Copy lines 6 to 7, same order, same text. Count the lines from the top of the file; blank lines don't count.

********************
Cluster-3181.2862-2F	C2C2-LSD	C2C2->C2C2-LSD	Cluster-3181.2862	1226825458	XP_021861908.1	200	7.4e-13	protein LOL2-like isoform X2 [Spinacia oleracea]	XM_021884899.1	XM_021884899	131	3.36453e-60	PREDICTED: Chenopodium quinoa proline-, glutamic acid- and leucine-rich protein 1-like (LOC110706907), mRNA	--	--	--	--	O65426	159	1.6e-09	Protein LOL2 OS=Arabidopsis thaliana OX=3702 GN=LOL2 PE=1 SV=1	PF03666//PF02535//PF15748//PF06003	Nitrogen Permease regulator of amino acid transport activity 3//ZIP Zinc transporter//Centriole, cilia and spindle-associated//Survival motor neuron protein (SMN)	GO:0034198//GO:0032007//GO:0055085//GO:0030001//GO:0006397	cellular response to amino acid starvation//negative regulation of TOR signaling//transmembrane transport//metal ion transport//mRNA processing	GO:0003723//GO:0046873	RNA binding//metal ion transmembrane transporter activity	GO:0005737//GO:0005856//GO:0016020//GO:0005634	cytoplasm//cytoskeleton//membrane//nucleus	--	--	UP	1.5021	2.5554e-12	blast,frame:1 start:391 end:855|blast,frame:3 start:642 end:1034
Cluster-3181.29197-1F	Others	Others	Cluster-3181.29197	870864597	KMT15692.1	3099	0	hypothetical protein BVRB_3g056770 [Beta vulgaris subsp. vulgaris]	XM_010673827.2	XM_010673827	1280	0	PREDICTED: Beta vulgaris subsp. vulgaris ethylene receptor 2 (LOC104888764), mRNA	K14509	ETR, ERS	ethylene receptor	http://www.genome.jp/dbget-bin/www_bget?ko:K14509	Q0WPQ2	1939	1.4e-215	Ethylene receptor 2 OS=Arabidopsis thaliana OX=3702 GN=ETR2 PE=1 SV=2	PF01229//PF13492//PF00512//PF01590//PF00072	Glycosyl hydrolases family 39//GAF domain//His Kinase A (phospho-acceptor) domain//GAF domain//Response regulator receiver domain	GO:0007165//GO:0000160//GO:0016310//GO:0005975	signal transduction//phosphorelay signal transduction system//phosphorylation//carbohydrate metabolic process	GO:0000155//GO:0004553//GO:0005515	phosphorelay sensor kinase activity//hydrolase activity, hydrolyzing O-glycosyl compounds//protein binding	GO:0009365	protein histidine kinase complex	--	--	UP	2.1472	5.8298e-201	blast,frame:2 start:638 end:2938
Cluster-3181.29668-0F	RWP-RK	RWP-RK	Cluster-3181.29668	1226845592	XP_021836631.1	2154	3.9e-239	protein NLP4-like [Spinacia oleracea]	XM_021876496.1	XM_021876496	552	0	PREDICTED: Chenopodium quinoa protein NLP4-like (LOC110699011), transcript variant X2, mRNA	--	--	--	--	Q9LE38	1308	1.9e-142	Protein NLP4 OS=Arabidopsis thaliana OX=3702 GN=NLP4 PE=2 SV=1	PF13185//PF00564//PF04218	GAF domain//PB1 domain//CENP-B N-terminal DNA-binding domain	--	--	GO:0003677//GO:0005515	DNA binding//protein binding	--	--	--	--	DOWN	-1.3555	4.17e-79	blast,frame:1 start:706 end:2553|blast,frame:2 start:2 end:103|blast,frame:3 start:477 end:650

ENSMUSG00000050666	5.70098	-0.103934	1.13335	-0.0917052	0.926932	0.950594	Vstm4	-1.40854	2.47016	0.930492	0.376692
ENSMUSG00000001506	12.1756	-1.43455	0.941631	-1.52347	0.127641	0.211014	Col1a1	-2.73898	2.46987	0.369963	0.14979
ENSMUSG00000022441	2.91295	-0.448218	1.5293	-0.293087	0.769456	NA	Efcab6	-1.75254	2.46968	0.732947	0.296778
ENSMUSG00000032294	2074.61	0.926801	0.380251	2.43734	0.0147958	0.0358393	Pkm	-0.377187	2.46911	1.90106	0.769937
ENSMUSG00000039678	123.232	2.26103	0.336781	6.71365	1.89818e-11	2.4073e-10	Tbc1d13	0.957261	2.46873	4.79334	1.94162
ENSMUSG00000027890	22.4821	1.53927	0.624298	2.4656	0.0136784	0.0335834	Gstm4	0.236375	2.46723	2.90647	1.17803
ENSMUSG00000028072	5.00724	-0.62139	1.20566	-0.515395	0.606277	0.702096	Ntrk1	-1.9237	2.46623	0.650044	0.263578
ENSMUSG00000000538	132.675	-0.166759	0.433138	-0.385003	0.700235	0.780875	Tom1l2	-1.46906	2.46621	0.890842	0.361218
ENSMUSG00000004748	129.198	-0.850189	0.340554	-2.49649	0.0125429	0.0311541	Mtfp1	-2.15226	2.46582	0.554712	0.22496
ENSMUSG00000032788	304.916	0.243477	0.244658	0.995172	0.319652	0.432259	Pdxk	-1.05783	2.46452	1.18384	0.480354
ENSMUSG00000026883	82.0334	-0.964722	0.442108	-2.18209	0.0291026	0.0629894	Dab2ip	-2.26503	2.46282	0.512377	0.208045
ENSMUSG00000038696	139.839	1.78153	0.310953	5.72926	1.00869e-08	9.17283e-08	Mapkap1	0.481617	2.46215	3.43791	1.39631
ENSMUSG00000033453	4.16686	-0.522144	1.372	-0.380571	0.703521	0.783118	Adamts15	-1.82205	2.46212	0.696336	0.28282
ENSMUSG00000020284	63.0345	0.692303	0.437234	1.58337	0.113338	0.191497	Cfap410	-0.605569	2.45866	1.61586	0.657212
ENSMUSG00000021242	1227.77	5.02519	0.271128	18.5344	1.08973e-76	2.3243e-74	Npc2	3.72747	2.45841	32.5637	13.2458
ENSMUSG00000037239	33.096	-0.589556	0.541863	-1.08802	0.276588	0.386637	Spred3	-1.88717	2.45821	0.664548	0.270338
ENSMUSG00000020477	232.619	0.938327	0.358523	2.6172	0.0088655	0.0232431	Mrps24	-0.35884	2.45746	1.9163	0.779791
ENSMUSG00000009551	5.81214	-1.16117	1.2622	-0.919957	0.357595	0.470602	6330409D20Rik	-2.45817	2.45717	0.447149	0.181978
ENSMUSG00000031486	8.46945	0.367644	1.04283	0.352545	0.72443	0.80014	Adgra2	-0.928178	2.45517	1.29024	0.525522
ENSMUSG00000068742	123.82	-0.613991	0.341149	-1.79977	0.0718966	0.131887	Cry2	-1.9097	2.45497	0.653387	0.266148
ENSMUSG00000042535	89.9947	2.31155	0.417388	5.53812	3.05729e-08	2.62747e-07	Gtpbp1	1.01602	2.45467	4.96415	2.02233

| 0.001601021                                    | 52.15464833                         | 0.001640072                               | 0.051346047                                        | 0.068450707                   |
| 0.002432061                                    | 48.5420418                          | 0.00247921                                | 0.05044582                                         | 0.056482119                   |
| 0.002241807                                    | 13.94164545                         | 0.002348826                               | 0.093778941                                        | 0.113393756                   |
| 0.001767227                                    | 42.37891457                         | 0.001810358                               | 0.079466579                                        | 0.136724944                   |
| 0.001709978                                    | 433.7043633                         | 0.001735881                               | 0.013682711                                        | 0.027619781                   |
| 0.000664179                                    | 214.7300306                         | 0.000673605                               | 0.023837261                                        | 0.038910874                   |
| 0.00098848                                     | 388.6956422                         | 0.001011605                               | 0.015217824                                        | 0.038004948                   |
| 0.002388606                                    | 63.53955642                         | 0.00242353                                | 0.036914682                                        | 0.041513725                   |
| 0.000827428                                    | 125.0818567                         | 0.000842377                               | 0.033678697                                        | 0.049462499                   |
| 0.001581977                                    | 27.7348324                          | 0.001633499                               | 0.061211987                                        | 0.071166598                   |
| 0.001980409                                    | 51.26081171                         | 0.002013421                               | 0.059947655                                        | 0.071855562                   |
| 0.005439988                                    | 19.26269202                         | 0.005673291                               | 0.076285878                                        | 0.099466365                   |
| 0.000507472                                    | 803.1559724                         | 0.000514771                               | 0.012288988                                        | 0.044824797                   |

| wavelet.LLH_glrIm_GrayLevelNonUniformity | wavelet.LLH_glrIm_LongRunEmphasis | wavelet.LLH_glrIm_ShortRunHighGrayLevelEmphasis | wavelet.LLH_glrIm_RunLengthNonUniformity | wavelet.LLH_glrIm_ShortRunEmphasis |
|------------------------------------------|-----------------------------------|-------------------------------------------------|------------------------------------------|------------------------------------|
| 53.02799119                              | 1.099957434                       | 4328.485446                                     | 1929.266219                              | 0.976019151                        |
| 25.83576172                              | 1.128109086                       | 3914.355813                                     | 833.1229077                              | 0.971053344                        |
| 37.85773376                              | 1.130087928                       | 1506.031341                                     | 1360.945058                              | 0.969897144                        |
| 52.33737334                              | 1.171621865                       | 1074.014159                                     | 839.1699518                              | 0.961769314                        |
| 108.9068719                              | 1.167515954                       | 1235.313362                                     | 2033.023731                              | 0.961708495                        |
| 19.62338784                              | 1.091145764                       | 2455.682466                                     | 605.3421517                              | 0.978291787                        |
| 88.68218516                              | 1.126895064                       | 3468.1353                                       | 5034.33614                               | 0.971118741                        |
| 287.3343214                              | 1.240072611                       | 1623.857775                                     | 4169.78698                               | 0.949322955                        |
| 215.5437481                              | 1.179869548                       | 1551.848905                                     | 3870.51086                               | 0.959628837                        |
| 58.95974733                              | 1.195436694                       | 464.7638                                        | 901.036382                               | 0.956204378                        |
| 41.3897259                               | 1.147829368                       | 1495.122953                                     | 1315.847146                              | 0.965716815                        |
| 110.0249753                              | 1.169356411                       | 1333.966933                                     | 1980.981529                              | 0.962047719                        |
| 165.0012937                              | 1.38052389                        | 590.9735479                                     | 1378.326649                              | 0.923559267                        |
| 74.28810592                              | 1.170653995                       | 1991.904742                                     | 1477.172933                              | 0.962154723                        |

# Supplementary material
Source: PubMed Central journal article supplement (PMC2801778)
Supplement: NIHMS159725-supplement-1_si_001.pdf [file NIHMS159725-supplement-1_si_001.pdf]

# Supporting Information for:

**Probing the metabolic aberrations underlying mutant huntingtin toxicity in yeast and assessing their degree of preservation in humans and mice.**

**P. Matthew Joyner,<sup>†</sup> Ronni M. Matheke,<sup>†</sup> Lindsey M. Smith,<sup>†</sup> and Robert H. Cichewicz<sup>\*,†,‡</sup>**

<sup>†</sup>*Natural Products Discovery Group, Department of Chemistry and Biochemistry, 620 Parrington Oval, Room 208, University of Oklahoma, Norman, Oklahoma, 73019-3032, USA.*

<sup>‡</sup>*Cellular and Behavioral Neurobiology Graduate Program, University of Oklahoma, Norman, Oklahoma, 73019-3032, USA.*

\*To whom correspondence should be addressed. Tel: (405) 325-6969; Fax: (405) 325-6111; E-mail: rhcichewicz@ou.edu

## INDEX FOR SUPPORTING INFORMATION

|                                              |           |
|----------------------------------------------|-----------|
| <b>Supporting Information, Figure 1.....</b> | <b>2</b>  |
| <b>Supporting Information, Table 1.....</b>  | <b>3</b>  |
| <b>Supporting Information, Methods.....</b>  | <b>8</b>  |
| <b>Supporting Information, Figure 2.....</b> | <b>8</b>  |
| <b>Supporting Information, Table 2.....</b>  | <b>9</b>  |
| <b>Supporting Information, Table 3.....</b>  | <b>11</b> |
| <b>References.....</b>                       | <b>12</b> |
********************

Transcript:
ENSMUSG00000022441	2.91295	-0.448218	1.5293	-0.293087	0.769456	NA	Efcab6	-1.75254	2.46968	0.732947	0.296778
ENSMUSG00000032294	2074.61	0.926801	0.380251	2.43734	0.0147958	0.0358393	Pkm	-0.377187	2.46911	1.90106	0.769937